• The repqueue 904-1 then issues a chunk write request to a load-balanced bitpusher 904-3 (1003 of FIG. 10A). In some embodiments, this step involves the process of adding the request to a particular queue of tasks to be performed by the blobstore's bitpushers in accordance with the priority of the backup request that the LAD 902 has chosen. In this case, the chunk write request may reach the bitpusher 904-3 at a later time if the backup request has a relatively low priority.
  • In some embodiments, to reduce chunk duplicates on the tape storage system, the bitpusher 904-1 may check whether the chunk is already backed up upon receipt of the chunk backup or write request (1005 of FIG. 10A). In some embodiments, the bitpusher 904-1 does so by attempting to add a reference to the chunk using the chunk identifier and its source storage reference to the chunk index table 904-6 of the tape store 904-4. In some embodiments, the chunk index table 904-6 includes a plurality of chunk index records, each record identifying a chunk that has been backed up or scheduled to be backed up by the tape storage system. In some other embodiments, the chunk index table 904-6 only includes chunk index records for those chunks that have been backed up by the tape storage system.
  • FIG. 9C illustrates the data structure of an exemplary chunk index record 920. Each chunk index record 920 has a globally unique chunk ID 922. In some embodiments, the chunk ID 922 is a function of a hash of the chunk's content 922-1 and a sequence ID 922-3 assigned to a particular incarnation of the chunk, e.g., the creation timestamp of the incarnation. The chunk index record 920 includes a storage reference 924, which is a function of a blobstore ID 924-1 and a chunk store ID 924-3. The chunk metadata 926 of the chunk index record 920 includes: another hash of the chunk's content 926-1; a chunk creation time 926-3; a reference count 926-5; and a chunk size 926-7. The blob references list 928 of the chunk index record 920 identifies a set of blobs each of which considers the chunk as part of the blob. Each blob reference is identified by a combination of a blob base ID 928-1 and a blob generation ID 928-3. The blob reference also keeps a chunk offset 928-5 indicating the position of the chunk within the blob and an optional representation type 928-7.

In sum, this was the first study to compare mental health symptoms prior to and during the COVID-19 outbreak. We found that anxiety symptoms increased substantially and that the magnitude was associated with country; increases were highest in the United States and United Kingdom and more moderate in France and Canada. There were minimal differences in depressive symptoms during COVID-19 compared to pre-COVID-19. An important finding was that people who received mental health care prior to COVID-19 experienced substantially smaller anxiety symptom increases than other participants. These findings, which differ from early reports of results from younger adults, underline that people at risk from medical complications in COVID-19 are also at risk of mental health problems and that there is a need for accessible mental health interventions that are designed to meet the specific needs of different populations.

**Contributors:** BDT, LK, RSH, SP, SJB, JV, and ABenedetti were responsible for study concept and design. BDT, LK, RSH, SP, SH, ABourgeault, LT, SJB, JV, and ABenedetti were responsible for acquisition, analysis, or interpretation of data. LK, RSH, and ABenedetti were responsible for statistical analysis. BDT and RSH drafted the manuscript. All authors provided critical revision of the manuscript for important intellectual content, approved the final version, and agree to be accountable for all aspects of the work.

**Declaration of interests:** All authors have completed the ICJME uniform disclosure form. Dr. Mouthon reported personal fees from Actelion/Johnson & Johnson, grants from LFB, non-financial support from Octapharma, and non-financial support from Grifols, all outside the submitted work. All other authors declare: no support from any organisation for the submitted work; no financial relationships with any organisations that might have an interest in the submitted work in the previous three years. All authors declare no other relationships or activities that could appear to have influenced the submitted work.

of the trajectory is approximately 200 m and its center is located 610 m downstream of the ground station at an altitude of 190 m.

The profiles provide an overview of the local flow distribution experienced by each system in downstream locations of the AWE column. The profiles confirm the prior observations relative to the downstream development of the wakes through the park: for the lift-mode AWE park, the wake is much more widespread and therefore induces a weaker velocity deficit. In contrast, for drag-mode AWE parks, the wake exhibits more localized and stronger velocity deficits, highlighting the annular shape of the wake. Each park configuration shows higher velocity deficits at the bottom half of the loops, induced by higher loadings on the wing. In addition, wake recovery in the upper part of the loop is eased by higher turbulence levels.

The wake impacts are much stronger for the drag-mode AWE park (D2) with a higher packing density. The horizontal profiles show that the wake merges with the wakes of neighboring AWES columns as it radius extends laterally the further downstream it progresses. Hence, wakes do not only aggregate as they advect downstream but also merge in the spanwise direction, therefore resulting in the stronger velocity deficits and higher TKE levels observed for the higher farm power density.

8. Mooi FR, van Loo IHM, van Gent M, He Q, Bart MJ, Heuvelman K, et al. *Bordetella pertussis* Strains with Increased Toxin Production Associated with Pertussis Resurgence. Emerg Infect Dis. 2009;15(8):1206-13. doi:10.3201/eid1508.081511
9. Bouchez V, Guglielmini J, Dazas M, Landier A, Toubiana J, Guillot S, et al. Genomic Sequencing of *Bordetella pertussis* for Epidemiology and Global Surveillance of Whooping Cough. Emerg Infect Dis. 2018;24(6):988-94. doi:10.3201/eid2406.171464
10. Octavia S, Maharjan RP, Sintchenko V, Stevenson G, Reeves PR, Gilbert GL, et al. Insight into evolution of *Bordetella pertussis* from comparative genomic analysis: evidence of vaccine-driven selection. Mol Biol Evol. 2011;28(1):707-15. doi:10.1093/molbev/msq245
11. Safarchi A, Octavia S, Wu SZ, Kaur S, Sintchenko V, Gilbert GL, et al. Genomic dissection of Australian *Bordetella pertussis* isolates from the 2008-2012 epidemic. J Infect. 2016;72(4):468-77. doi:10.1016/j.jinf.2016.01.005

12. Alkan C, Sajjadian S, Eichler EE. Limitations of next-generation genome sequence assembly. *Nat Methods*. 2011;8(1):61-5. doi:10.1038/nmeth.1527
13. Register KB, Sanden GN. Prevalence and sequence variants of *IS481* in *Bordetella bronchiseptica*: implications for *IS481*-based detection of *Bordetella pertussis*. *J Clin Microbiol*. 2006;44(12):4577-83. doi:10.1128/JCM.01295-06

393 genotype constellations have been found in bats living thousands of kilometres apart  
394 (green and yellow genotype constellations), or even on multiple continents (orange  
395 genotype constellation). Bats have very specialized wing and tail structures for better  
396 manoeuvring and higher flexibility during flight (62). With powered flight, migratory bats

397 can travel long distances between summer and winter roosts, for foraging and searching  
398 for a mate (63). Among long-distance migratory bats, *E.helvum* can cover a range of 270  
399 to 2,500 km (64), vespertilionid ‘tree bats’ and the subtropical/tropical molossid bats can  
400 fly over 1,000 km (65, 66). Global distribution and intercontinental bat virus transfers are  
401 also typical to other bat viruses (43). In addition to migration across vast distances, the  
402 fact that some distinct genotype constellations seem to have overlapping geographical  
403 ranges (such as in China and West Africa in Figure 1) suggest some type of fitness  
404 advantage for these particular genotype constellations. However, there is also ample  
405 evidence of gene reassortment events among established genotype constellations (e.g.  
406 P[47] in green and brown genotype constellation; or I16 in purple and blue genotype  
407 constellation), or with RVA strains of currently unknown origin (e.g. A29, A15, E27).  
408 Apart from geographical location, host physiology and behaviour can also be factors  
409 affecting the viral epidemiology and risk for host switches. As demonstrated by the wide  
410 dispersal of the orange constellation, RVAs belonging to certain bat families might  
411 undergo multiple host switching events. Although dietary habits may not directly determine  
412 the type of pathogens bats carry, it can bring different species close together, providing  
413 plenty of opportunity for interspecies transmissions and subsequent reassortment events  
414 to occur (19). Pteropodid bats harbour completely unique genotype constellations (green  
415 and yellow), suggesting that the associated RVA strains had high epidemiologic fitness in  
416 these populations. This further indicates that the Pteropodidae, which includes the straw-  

• Based on the chunk ID provided by the repqueue 904-1, the bitpusher 904-3 queries the chunk index table 904-6 for a chunk index record corresponding to the given chunk ID. If the chunk index record is indeed found (yes, 1007 of FIG. 10A), the reference count 926-5 of the chunk is increased by one and a new entry may be added to the blob references list 928 identifying another blob that considers the chunk as part of the blob. The tape store 904-4 then sends a response to the bitpusher 904-3, indicating that the chunk backup/write operation is complete (1009 of FIG. 10A). The bitpusher 904-3 then forwards the response back to the repqueue 904-1, which then sends a blob metadata update to the blobmaster 904-5.
  • Returning to FIG. 9A, assuming that it is the first tape backup request for the chunk (no, 1007 of FIG. 10A), the bitpusher 904-3 then requests the chunk from a bitpusher 906-1 at the blobstore 906. In response, the bitpusher 906-1 retrieves the requested chunk from a corresponding chunk store 906-3 and returns it to the bitpusher 904-3 at the blobstore 904. Instead of directly uploading the chunk into the tape storage system 908, the bitpusher 904-3 places the chunk in a staging area of the tape store 904-4 with other chunks scheduled to be backed up. At a later time, the tape master 904-12 is triggered to upload the chunks into the tape storage system 908 in a batch mode.